On pages 50-51, Roy Cook informed Johnson in an email as to why he believed obtaining Andrew Cook’s Vonage phone records was important to his defense and that if Johnson proved to be overwhelmed with his current caseload, he would accept the appointment of another public defender.
In exchanging emails with Roy Cook, Walter Johnson appears to have used a non-government email address.
The obtaining of the Vonage phone logs proved crucial to Roy Cook’s convincing Edwards that the “evidence” Andrew Cook had presented to support his claim was faulty. In a partial transcript of a March 31, 2017 hearing, Roy Cook refers to the telephone recordings Andrew presented as evidence against him as “doctored.”
In a July 6, 2017 email to the BOPR pertaining to his complaints, Roy Cook wrote:
In an email which became an open letter dated July 3, Cook excoriated all of the parties who played a role in his prosecution, including that Vittatoe and Hedrick informed him that the prosecution would have abandoned its case years earlier had he not “gone public” by approaching the press, and specifically, The Post & Email.
In an interview with The Post & Email last week, Roy Cook told us that Johnson and Edwards provided contradictory responses to the BOPR as to whether or not they read The Post & Email’s articles on the case. “All of those statements cannot be true,” Cook said. “With Hedrick, he had to admit that he knew I was being prosecuted for your articles because I had the email that he had sent me in July or August 2015. He’s on recordings with the private investigator saying, ‘If Roy hadn’t done those interviews, they would have dismissed the complaint.’ It is also worth noting that Hedrick incriminates himself by this statement. Per the BOPR code of conduct, Hedrick was required to report Edwards and Russell Johnson to the Board but failed to do so.”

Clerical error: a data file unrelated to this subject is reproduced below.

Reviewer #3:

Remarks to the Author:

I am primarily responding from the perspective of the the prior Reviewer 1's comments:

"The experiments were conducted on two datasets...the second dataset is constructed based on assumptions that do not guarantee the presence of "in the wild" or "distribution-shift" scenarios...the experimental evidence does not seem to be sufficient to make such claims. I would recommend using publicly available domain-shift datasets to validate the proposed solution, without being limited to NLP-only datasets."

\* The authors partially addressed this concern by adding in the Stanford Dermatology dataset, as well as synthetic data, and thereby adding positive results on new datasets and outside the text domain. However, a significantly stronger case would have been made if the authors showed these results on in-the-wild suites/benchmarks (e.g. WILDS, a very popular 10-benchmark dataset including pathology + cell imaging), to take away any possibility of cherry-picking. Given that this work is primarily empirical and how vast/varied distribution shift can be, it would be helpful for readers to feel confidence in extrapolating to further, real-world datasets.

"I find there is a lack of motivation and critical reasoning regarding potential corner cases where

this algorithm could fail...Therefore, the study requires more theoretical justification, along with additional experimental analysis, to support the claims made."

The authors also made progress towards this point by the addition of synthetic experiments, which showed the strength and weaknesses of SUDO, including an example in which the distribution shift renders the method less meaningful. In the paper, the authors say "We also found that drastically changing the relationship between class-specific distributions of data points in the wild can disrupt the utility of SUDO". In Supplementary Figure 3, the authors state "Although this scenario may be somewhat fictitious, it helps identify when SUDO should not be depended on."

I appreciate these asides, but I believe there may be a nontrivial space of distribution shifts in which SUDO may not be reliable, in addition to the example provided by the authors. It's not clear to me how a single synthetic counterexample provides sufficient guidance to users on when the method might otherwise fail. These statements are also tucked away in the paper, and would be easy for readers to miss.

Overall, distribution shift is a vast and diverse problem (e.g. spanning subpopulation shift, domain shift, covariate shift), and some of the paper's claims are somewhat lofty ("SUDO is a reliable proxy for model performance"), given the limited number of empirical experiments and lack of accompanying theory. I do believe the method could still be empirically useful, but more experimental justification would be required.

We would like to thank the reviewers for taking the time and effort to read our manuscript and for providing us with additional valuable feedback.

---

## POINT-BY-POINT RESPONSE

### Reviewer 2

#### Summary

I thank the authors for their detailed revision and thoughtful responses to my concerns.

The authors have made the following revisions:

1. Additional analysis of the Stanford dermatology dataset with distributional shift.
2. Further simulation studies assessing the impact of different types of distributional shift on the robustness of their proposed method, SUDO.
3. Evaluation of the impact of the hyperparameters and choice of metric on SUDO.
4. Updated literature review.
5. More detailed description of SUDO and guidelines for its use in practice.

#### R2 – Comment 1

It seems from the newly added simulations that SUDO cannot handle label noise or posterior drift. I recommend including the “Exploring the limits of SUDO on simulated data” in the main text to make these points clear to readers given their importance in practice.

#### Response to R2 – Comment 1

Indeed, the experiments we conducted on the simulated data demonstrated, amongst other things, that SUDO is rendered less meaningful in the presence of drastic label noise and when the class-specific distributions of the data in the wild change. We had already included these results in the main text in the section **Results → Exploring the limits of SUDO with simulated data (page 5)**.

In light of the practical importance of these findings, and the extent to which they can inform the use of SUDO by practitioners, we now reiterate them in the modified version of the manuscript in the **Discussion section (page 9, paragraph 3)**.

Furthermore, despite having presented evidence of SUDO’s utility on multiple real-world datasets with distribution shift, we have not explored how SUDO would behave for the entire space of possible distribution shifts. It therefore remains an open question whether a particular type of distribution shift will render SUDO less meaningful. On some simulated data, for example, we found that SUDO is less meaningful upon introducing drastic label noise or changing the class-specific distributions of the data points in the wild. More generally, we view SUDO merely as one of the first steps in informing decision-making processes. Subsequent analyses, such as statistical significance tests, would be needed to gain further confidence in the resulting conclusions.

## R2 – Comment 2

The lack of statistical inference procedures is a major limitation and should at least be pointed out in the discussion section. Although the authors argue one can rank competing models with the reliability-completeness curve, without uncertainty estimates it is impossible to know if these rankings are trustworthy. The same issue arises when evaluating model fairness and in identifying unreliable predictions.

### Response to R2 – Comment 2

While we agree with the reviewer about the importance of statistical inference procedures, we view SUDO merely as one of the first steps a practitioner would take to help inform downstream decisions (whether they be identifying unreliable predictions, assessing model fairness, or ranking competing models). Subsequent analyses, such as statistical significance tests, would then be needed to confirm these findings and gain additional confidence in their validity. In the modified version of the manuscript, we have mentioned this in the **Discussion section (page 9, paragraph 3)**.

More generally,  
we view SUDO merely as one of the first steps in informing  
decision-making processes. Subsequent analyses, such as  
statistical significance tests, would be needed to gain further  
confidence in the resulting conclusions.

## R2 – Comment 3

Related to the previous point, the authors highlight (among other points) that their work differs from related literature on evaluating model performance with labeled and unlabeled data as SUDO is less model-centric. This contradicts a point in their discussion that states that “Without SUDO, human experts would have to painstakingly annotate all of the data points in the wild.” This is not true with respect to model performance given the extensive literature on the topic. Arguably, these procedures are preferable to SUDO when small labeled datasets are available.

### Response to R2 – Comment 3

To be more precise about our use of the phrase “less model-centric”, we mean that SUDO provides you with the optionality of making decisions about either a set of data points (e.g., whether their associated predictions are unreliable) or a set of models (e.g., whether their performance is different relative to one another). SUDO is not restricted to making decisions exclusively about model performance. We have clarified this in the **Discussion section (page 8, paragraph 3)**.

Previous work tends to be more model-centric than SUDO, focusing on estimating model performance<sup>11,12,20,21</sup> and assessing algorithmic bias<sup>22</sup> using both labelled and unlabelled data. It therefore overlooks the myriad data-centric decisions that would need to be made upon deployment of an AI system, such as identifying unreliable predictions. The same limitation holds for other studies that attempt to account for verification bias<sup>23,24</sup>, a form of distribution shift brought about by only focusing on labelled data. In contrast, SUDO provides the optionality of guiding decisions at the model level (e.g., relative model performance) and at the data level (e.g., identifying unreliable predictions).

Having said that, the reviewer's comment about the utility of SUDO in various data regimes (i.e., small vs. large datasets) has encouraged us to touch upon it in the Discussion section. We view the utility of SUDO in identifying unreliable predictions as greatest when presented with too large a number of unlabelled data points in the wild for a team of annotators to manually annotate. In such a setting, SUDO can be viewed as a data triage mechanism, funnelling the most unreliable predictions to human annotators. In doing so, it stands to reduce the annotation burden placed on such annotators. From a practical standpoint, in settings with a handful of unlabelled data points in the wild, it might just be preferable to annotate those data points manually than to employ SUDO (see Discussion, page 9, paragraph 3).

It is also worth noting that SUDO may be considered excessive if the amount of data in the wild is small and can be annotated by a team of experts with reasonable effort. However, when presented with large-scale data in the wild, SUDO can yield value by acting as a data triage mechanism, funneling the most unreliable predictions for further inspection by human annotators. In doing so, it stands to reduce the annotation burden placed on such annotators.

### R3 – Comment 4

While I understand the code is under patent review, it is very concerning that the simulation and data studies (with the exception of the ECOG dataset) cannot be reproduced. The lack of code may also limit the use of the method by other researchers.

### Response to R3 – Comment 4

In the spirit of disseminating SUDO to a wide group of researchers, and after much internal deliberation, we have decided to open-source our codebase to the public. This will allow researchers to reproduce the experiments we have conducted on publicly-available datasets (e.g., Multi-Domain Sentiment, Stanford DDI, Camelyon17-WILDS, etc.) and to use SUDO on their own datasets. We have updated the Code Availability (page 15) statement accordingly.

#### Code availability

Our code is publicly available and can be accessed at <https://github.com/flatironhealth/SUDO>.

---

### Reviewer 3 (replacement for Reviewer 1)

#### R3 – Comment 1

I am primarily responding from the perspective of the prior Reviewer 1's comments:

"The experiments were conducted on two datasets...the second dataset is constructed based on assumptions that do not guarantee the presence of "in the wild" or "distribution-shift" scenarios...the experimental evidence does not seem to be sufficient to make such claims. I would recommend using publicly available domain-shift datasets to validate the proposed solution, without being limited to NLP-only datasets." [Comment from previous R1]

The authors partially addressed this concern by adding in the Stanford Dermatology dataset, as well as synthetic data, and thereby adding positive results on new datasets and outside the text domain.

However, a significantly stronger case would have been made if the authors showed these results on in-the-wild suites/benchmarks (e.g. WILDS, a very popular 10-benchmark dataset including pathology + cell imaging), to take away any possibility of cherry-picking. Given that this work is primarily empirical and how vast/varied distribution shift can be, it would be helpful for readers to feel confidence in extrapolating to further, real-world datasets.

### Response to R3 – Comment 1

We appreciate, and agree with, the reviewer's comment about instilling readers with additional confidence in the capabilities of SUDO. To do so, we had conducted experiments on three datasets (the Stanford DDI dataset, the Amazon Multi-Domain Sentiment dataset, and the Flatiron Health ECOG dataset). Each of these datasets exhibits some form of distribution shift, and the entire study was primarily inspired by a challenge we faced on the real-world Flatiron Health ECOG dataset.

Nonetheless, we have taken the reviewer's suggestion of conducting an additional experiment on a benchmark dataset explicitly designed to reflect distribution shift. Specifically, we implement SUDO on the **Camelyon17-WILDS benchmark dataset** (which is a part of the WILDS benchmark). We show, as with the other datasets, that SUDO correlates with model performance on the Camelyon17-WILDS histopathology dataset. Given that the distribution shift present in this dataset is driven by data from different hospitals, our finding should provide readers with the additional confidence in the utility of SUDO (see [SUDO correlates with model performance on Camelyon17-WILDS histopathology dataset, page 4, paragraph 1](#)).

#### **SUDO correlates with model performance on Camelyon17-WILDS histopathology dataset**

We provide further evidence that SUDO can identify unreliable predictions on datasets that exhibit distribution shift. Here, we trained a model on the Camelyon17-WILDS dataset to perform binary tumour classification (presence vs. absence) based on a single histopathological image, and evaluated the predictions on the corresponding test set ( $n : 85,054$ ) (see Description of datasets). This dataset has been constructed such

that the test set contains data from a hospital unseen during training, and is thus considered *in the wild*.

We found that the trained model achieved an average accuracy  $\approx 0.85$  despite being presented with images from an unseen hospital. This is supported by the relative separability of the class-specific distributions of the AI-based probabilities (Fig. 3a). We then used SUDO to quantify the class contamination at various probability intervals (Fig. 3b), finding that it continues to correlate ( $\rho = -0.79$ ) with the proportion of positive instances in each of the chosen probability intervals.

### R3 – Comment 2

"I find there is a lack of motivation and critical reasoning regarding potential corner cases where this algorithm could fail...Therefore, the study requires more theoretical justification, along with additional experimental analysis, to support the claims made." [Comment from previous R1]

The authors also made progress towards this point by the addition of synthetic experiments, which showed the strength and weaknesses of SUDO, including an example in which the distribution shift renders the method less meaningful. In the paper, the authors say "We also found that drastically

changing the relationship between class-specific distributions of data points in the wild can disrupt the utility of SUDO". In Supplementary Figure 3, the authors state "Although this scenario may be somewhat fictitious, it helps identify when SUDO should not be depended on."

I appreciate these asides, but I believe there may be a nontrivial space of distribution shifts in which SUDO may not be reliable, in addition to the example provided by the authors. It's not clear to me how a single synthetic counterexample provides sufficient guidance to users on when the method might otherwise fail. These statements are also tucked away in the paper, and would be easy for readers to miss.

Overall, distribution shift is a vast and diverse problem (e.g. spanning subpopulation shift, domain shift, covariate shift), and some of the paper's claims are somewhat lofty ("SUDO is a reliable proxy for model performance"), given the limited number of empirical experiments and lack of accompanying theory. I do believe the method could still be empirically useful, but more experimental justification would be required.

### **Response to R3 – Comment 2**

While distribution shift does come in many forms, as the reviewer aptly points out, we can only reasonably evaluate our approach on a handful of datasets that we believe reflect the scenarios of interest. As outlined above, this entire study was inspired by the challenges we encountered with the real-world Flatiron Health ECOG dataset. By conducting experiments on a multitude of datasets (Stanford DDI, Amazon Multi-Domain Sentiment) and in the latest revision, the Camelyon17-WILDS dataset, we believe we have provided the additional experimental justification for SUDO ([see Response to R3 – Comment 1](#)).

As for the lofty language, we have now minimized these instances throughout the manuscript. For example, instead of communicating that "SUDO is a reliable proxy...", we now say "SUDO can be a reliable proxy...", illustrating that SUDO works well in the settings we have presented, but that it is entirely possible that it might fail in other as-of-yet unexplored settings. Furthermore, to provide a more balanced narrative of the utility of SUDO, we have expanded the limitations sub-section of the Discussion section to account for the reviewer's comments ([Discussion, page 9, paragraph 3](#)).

Roy Cook has recently revealed (and supplied a copy of) a one-hour, 39-minute recording of the June 5, 2017 meeting with Robert Edwards. Also in attendance at the meeting were armchair counsel Steven McGrath and private investigator Craig Ward. A copy of this recorded meeting has also been provided to the BOPR.
“It was in this meeting that Edwards admitted he and Russell Johnson read the articles ‘two or three times,'” Roy Cook told The Post & Email. “However, in his statement to the BOPR, Russell Johnson denies ever reading any articles. Edwards also admitted to having ‘misgivings’ about certain aspects of the victim’s statements and evidence. If they had all these ‘misgivings’ and were aware of sloppy police work, then why did they proceed with the prosecution? Surely there ‘misgivings’ should have at least initiated an investigation. But no, they were content to try to damage someone’s life in spite of their doubts.”
Hedrick’s response to the BOPR inquiry can be read here: HEDRICK RESPONSE BOPR